If the teacher is good, students learn even in a large class. If the teacher is so-so, a small class doesn’t help. Rick Hess proposes gold-star teachers who’d earn more for teaching larger classes. Students would be placed in gold-star classes only by request.
Teachers whose students post larger-than-normal gains for at least two consecutive years would be eligible to opt into the program. . . . Participating teachers would teach up to 50% more students than normal–say, 36 students rather than 24–and would be rewarded for their increased workload. Continued participation would depend on a teacher’s students continuing to make larger-than-normal gains.
Increasing class size by one student saves about $3,000, using average teacher salaries and benefits, Hess writes. A gold-star teacher who taught 36 rather than 24 students would save $36,000.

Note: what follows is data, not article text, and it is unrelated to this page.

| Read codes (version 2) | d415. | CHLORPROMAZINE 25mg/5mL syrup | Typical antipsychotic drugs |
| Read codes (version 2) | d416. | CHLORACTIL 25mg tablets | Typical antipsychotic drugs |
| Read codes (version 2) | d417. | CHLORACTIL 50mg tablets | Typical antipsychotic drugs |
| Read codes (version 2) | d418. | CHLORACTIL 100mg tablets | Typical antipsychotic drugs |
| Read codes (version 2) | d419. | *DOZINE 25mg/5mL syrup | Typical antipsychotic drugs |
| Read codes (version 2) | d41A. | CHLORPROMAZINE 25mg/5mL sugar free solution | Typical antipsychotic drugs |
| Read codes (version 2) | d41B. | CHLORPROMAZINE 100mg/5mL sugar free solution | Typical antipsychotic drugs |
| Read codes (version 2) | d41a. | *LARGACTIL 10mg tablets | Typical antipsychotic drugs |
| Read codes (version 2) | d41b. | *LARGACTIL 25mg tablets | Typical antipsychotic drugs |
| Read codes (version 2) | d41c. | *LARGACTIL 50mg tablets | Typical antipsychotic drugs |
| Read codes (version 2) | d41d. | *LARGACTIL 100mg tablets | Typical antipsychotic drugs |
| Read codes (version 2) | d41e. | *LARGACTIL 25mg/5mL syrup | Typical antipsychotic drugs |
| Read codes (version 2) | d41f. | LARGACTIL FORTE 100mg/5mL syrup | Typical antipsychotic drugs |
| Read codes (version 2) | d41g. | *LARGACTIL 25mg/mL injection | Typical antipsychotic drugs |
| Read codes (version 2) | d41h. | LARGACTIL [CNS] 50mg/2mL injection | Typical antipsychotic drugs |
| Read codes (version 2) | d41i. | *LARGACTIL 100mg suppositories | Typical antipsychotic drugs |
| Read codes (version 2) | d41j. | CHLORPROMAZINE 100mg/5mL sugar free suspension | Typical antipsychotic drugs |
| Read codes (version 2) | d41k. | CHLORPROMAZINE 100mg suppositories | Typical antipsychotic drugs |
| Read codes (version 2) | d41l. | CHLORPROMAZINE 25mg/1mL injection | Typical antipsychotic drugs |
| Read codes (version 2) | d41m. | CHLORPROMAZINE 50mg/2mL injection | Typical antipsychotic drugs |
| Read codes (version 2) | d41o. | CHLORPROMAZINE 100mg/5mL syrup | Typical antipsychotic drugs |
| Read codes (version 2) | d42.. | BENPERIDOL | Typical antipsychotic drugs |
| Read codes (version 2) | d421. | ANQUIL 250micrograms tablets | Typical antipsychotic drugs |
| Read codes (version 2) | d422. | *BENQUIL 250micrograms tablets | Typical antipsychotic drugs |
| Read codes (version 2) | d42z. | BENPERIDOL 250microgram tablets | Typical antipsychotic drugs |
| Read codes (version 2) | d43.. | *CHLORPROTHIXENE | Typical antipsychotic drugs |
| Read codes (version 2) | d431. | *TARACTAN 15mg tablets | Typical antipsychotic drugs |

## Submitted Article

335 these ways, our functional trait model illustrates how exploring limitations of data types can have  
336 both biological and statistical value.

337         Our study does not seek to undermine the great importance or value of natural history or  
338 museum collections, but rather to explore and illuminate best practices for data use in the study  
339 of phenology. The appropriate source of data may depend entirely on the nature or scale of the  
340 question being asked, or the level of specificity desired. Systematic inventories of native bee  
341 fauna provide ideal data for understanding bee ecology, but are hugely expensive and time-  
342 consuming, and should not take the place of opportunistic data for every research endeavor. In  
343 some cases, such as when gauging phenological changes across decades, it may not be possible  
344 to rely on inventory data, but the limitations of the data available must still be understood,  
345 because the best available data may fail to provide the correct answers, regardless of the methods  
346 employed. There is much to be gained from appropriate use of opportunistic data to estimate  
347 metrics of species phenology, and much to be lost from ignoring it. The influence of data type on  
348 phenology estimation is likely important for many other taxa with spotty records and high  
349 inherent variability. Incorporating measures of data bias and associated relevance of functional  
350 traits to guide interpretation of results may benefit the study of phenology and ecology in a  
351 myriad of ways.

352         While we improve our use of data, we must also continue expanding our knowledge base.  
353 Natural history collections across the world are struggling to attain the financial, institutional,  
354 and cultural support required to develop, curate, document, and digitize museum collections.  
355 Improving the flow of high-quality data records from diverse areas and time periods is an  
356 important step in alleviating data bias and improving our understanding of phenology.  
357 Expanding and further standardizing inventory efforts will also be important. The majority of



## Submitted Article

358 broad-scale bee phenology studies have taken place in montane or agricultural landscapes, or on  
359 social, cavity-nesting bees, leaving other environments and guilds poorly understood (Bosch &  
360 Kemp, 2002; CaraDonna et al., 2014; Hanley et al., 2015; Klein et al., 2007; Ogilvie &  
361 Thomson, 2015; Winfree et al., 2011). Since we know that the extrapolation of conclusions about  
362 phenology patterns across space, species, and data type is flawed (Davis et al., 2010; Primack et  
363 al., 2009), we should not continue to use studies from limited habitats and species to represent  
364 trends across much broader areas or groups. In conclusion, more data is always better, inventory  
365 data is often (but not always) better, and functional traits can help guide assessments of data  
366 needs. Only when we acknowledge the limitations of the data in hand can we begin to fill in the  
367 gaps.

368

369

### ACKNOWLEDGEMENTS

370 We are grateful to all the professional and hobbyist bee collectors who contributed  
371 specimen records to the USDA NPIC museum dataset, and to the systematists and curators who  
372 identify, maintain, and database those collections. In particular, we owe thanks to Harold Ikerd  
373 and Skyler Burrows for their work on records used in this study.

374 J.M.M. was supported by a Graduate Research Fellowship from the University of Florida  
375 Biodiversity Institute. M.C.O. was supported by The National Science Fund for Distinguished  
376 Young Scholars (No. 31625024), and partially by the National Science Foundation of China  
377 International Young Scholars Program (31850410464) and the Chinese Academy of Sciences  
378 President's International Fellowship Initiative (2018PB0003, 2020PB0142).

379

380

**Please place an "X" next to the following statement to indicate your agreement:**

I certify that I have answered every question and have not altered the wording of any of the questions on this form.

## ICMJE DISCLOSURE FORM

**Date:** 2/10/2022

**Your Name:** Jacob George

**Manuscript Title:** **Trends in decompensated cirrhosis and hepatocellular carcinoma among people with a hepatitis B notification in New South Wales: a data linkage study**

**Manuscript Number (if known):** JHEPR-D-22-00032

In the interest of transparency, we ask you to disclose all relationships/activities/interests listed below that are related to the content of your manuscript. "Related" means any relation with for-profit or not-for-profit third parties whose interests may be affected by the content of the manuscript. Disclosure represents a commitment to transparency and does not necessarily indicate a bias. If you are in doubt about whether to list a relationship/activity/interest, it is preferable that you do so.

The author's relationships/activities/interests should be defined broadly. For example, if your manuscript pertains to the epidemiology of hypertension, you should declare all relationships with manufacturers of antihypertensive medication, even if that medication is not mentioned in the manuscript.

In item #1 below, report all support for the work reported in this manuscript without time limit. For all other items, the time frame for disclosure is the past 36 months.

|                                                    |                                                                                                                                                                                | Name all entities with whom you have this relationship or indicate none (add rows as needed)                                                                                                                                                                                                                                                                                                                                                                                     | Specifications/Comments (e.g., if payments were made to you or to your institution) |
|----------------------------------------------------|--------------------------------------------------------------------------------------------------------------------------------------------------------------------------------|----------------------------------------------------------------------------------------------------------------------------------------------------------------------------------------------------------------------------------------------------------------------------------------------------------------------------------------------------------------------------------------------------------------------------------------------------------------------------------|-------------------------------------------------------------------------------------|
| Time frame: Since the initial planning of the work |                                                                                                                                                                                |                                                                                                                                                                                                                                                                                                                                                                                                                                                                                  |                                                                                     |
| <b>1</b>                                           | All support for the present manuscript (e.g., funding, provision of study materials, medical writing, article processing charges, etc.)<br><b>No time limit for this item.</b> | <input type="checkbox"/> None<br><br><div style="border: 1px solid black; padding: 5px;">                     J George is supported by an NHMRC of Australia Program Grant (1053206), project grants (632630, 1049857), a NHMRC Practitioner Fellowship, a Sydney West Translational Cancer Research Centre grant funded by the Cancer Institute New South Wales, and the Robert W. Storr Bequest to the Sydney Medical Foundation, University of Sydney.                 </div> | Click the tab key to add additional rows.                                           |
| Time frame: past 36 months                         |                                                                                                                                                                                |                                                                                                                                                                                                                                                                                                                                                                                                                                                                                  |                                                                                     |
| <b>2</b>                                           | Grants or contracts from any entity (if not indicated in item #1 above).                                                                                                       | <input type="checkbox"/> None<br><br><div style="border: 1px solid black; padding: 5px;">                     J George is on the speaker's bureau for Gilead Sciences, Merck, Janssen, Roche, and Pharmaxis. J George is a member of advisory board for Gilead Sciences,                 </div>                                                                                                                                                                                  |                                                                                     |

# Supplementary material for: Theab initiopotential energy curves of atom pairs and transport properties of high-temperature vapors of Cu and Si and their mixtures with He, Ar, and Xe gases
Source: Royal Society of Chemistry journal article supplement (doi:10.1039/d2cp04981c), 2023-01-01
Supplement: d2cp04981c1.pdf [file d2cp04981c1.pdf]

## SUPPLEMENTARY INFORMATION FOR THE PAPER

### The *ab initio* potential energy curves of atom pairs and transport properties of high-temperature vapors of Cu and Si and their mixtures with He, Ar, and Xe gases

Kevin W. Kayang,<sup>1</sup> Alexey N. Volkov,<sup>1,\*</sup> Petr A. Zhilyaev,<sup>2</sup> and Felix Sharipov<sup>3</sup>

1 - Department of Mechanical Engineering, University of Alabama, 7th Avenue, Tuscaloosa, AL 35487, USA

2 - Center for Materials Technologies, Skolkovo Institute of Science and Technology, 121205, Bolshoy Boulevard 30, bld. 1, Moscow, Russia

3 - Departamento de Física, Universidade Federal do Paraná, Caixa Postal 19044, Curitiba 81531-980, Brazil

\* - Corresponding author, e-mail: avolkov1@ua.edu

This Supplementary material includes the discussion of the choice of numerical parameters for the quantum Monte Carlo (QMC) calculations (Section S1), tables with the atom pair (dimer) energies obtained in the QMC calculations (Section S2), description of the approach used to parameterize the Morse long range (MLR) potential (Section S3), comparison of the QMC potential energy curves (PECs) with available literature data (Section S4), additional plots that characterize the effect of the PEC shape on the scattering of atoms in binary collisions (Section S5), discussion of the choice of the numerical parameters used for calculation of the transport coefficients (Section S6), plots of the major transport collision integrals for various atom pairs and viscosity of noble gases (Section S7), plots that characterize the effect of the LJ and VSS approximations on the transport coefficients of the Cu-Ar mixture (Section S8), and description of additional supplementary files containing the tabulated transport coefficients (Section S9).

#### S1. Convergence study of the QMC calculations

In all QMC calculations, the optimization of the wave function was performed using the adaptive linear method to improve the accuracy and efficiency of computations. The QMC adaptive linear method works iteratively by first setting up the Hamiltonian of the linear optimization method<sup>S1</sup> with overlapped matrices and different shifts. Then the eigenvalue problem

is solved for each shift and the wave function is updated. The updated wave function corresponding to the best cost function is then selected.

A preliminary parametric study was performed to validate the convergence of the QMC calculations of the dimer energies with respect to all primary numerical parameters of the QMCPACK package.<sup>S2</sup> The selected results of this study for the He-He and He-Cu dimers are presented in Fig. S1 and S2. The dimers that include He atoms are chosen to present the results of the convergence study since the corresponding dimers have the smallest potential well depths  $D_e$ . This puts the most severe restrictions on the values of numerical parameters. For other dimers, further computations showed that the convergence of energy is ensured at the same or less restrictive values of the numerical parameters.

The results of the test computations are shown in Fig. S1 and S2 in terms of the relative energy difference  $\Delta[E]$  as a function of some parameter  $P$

Awarding the teacher half that amount yields an $18,000 productivity bonus (a 35% bump for the median teacher). The state and district would split the other $18,000. Even on a trial basis in grades four through eight, such a program could help states shave school spending by two or three percent–tallying hundreds of millions in some cases while rewarding excellent educators.
Could this work?
Learn Anytime online classes at Kentucky’s Jefferson Community and Technical College pay instructors $65 per student. One very hard-working adjunct instructor earned $120,000 last year. See Community College Spotlight for more.